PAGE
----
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Saturday, May 17, 2014

5 Most Important Steps You Should Be Taking to Protect Your Heart

Everyone knows that heart disease is the leading cause of death in America. While it's true that many people inherit genetic tendencies that may increase their chance of developing heart problems, that doesn't mean one has to just give up. Fight back! There are so many things you can do every single day that will greatly increase your heart health and help you live a longer, happier life. Here are just 5 that are considered very important by the Mayo Clinic.

#1 - Don't smoke - there is no such thing as social smoking. Smoking is smoking. Stop it! Smoking is the most significant risk factor in developing heart disease.

#2 - Exercise 30 minutes a day - regular exercise helps prevent high blood pressure, high cholesterol and diabetes. No, you don't have to join a gym. Do something you love, like gardening, swimming, walking the dog, and just walking. It's all exercise, so choose one that's fun and enjoyable and it won't seem like work.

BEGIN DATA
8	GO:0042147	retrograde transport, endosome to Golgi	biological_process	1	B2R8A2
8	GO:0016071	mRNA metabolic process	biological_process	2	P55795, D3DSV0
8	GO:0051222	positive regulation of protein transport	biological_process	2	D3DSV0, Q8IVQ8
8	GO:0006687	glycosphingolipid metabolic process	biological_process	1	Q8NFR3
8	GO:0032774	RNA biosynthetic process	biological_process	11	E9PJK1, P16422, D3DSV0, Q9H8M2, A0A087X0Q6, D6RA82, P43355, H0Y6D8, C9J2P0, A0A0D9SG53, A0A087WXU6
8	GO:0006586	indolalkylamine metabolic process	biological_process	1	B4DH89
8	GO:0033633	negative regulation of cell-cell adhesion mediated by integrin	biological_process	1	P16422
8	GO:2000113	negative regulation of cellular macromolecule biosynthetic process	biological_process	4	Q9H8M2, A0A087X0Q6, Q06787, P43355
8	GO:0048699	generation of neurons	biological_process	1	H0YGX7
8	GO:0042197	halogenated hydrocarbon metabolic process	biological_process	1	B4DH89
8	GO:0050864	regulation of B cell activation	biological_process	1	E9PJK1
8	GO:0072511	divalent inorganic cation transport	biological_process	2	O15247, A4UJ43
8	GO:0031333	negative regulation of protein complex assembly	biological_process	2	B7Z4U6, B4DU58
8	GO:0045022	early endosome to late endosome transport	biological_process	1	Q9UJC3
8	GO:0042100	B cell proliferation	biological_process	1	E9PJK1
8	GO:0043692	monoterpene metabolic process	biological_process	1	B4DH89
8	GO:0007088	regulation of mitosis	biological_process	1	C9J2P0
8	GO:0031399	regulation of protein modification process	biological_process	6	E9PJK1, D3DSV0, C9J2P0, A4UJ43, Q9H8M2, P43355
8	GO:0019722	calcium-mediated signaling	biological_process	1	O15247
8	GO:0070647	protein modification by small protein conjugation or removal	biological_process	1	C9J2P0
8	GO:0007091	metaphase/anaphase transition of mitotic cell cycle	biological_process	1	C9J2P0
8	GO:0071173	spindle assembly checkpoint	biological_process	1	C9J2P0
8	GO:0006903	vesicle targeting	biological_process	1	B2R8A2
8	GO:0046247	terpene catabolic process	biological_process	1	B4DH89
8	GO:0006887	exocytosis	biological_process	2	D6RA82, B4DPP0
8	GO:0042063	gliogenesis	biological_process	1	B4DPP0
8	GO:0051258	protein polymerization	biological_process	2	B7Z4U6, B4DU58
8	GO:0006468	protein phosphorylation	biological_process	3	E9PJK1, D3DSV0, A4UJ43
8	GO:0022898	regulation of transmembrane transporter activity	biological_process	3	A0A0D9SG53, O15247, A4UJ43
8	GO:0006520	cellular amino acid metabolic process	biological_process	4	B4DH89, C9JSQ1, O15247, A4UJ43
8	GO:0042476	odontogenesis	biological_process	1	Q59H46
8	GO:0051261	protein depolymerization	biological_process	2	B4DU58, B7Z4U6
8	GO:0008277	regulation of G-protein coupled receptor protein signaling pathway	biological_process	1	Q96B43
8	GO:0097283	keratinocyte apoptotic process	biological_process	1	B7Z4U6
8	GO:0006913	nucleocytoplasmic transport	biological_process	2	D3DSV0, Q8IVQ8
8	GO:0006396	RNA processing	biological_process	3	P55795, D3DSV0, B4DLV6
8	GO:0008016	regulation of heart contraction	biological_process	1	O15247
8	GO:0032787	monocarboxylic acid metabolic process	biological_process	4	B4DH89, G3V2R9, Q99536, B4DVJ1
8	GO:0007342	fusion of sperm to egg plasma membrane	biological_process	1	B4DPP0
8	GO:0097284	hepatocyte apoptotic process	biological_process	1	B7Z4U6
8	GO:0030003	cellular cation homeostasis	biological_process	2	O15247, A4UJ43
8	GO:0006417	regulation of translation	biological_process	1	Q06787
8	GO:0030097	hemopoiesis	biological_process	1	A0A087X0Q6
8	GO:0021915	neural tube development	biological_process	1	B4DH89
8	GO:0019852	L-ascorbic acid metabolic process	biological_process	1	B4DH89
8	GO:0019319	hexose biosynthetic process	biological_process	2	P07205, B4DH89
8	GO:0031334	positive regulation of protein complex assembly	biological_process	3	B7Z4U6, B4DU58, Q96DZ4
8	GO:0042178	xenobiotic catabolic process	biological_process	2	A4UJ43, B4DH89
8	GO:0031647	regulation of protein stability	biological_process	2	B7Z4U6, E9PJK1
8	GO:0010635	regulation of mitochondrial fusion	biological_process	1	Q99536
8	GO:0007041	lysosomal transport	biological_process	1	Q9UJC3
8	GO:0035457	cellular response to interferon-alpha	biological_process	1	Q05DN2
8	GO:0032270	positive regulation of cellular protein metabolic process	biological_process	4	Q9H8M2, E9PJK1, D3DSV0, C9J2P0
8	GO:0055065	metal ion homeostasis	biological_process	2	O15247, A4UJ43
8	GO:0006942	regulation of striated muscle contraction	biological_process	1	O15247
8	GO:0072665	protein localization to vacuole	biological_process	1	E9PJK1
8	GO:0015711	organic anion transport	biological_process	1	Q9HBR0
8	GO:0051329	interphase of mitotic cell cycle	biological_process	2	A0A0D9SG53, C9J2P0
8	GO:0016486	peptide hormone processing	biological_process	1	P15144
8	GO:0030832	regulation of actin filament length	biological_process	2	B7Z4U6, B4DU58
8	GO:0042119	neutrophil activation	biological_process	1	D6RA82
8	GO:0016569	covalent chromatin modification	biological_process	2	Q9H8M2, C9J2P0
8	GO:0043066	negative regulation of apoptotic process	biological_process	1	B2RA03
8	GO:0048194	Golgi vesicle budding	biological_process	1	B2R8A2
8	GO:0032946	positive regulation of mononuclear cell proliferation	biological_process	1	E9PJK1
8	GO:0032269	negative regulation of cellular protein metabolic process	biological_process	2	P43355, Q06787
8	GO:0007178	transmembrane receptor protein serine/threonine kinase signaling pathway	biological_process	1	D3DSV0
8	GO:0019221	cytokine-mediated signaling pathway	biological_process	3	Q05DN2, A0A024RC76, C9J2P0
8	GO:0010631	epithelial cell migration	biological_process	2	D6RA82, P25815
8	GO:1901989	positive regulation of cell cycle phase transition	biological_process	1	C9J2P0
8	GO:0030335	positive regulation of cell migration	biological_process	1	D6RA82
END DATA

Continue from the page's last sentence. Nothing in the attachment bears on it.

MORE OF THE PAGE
#3 - Pay attention to nutrition - it cannot be emphasized enough how important it is to eat healthy. What you put in your mouth affects your body, and your heart. It's really easy. Eat more fruits and vegetables, more whole grains, less fat, and fish twice a week. Read food labels for fat content and keep saturated fat to no more than 10 percent of your daily calories. In addition, IF you drink alcohol, 1/2 to one glass a day can actually be beneficial and have a protective effect on your heart. Any more will damage your health.

#4 - Maintain proper body weight - get your BMI (Body Mass Index) checked to make sure your percentage of body fat is in line with your height and weight. A woman who is 5'4", for example, should not weigh more than 146 pounds. Increased fat around the waist area is the most dangerous to the heart.

#5 - Get enough sleep - there is no substitute for a good night's rest every night. It gives the body a chance to rejuvenate. People who don't get enough sleep have a higher risk of obesity, high blood pressure, heart attack, diabetes and depression. How much sleep should you get? Seven to nine hours a night is recommended.
DISCLAIMER: The content or opinions expressed on this web site are not to be interpreted as medical advice. Please consult with your doctor or medical practictioner before utilizing any suggestions on this web site.